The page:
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*To*: John Cowan <cowan@LOCKE.CCIL.ORG>*Subject*: Re: various fuzzy matters*From*: Jorge Llambias <jorge@PHYAST.PITT.EDU>*Date*: Wed, 29 Nov 1995 15:17:46 -0500*Reply-To*: Jorge Llambias <jorge@PHYAST.PITT.EDU>*Sender*: Lojban list <LOJBAN@CUVMB.BITNET>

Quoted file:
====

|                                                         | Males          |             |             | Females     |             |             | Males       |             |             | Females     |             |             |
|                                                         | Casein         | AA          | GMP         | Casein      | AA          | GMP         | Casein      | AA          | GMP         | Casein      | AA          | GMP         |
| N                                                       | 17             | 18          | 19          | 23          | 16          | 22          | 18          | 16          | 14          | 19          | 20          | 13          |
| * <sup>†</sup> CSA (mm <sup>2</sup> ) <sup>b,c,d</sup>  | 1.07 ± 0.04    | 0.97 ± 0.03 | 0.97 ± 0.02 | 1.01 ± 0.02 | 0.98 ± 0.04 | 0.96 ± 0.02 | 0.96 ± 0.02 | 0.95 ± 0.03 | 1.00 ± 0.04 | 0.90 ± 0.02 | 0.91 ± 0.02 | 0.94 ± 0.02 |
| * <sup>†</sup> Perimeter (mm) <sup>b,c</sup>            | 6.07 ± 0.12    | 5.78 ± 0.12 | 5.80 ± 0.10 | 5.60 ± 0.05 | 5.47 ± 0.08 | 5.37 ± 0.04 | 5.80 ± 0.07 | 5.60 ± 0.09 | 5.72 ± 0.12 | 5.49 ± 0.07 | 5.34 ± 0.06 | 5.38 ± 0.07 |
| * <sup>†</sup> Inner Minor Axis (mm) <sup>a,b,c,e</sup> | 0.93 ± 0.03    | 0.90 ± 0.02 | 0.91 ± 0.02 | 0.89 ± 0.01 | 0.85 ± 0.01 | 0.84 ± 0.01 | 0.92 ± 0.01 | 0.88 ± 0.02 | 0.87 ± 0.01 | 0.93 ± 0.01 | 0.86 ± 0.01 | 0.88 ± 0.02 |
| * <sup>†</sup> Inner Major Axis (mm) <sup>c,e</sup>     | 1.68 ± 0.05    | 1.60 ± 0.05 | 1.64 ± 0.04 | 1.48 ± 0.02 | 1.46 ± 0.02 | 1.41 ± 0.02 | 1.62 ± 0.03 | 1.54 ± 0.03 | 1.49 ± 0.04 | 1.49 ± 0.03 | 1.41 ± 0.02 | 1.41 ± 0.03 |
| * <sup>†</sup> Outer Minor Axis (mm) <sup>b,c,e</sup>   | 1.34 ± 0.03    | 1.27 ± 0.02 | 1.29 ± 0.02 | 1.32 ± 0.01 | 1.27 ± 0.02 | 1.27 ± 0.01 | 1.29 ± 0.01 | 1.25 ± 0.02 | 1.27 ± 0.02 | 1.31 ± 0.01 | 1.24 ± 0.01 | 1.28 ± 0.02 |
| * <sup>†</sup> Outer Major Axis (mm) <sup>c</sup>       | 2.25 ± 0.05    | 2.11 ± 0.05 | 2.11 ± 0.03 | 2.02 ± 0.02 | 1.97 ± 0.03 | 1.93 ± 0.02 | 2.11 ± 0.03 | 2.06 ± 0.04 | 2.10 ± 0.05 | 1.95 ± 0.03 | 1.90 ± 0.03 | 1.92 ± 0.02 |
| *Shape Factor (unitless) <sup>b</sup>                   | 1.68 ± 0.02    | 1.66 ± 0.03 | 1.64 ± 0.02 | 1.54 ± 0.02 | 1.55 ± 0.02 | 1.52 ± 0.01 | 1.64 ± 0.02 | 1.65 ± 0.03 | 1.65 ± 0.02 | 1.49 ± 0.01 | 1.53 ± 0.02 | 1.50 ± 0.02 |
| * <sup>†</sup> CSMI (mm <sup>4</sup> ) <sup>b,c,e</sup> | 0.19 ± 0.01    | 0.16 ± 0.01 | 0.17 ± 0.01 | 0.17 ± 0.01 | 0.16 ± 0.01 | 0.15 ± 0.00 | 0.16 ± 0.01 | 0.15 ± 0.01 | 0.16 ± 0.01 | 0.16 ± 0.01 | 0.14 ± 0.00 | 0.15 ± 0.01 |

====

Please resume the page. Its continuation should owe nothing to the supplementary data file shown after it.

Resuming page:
stivn: > >> Actually, I'm not sure what la djan clani means. xorxes: > >It means: "John is long (in longest dimension, by some standard)." stivn: > Yes, but it would also seem to mean: > "John is short (in longest dimension, by some standard)." No, that's {tordu}. "x1 has length" is given by {mitre} or {gutci} or {minli}. {clani} and {tordu} have the added subjective information that the length is large or small, respectively. > >I'm afraid that the pervasive misunderstanding persists. You tell me that > >"John is to fuzzy extent 0.5 taller than normal". I then tell you that > >"Mike is to fuzzy extent 0.6 taller than normal". Are we allowed to > >conclude that Mike is taller than John? > > Well, it depends on the granularity intended by the fuzzy statement. If I > am claiming that there are more than 10 categories of fuzzy height in the > interval 160 to 200 cm, then yes, such differences are distinguishable. I wasn't objecting to the fine granularity. Say you say "John is to fuzzy extent 1/2 taller than normal", and I say "Mike is to fuzzy extent 3/4 taller than normal". Can we now compare their heights? Of course not, since we don't know what each other means by "1/2" and "3/4". In that case, without having a pre-agreed upon scale, such numbers cannot be used for comparison. > Perhaps if you expressed the 175 cm tall John as 3/8 > fuzzily-tall + or - 1/8 you would feel more confident about not using a > calculator. I just don't see the point of using the word "tall" in that case. If I'm talking about objective heights, even if given unprecisely with large error bars, why bring in a subjective word that doesn't add anything? Say that instead of "tall", which has the objective {mitre} alongside, we were to talk about {melbi}. We agree on a scale: Mike is 0-melbi and John is 1-melbi. Now I tell you "Susan is 1/2 melbi" and you tell me "Phil is 2/3 melbi". Can we meaningfully say that we agree that Susan is prettier than Phil? No, because {melbi} is a subjective notion, and so my {melbi} is not directly comparable to yours. > The "lets get real" version of the above > conversation might go something like this: > Person 1: Mary is short. > Person 2: She's somewhat short, but not as short as Phil. > Person 1: Yeah, Phil's definitely short. > Person 2: And that Robert, he's quite tall. > Person 1: Do you think so? Elizabeth is taller than Robert. > Person 2: Well, sure, Elizabeth is definitely tall. > Person 1: Don't you think John is fairly tall? > Person 2: I'd say so. That's fine, no numbers are involved. John is fairly tall and Robert is quite tall. I don't know which one is taller, but I know what you mean. If you had given them numbers, I would know who was taller, but I couldn't use the scale myself, if you wanted me to be able to make comparisons with people I know but that you don't > >Isn't it much easier for us just to talk about the actual heights? > > > This would be another method of discussing the same point. But for some > reason, people seem to prefer fuzziness, and they do the math in their head > automatically. Your assumption is that there is some math to be done when using terms like "somewhat", "rather", "fairly", "quite", "reasonably", "definitely" and a myriad others. I don't think people are doing math, even subconsciously, to come up with those terms. Perhaps you can model the use of those terms using math, but that is not the same thing. > Its amazing how good people are at making measurements, and > how bad they think they are. But subjectivity doesn't have to do with making measurements. How can you measure beauty? Why not give examples using {melbi} rather than {clani}, which has no objective counterpart to rely on. You seem to be using the subjective word {clani} with the objective notion {mitre}. Dividing a continuous spectrum into a discrete set can always be done, but that is not what fuzzy truth values are about. > la djan vofi'uzesi'e xoi bardi le clani < ratio scale>,<linear>,<fuzz 160-200> > > For this tall example, the required <fancu> is zero below {160,0}, slopes > up to {200,1}, and then stays at one above 200. You would need to use the word {mitre} or some other unit, otherwise the numbers 160 and 200 are meaningless. Given that, isn't it much easier to stick with it rather than convert to other units? > {{0,150},{1,165},{1,175},{0,190}} > > if you used a word meaning "flat-topped fuzzy function" you could clearly > express this with only 4 numbers and this is about the most complicated it > would get. Says who? Why can't I use non-linear scales, or even piecewise linear, e.g. in your notation {{0,150},{1/2,160},{1,180},{1/2,200},{0,210}}? There are an infinity of possible scale transformations, but that's something for mathematics or for specific applications, not for everyday language. > <flat-topped fuzzy function with corners 150,165,175,190> > > What could be simpler? Well, for a start you would have to say whether your starting value is 0 or 1 (or something else?). Why are you assuming that the first lap (0-150) is flat at 0 and not at 1 or increasing from 0 to 1 or decreasing from 1 to 0. Just there you would have four possibilities. > When you start to see things fuzzily, it is really amazing how intuitive it > gets. It is easy to oversimplify, too. What seems natural for the heights of astronauuts may not work for other things. Isn't it much easier to say "you have to be between 150 cm and 190 cm to be an austronaut, and optimally between 165 cm and 175 cm", rather than some involved convention with flat-topped functions that may not work for other things. For example, how would you use functions to say how beautiful you have to be in order to be a model? > English gets in the way of fuzzy thinking, partially because we don't > have good predicates and formalisms in English for expressing things > fuzzily. I believe English is well equipped to deal with the notion. (Isn't most of the stuff about fuzzy logic written in English, anyway?) > If we put such constructs in lojban, I believe we will allow > lojban speakers to describe such matters in a manner which is intuitive for > human brains. Most of what you talk about is already there in Lojban. It's more a matter of finding it. Jorge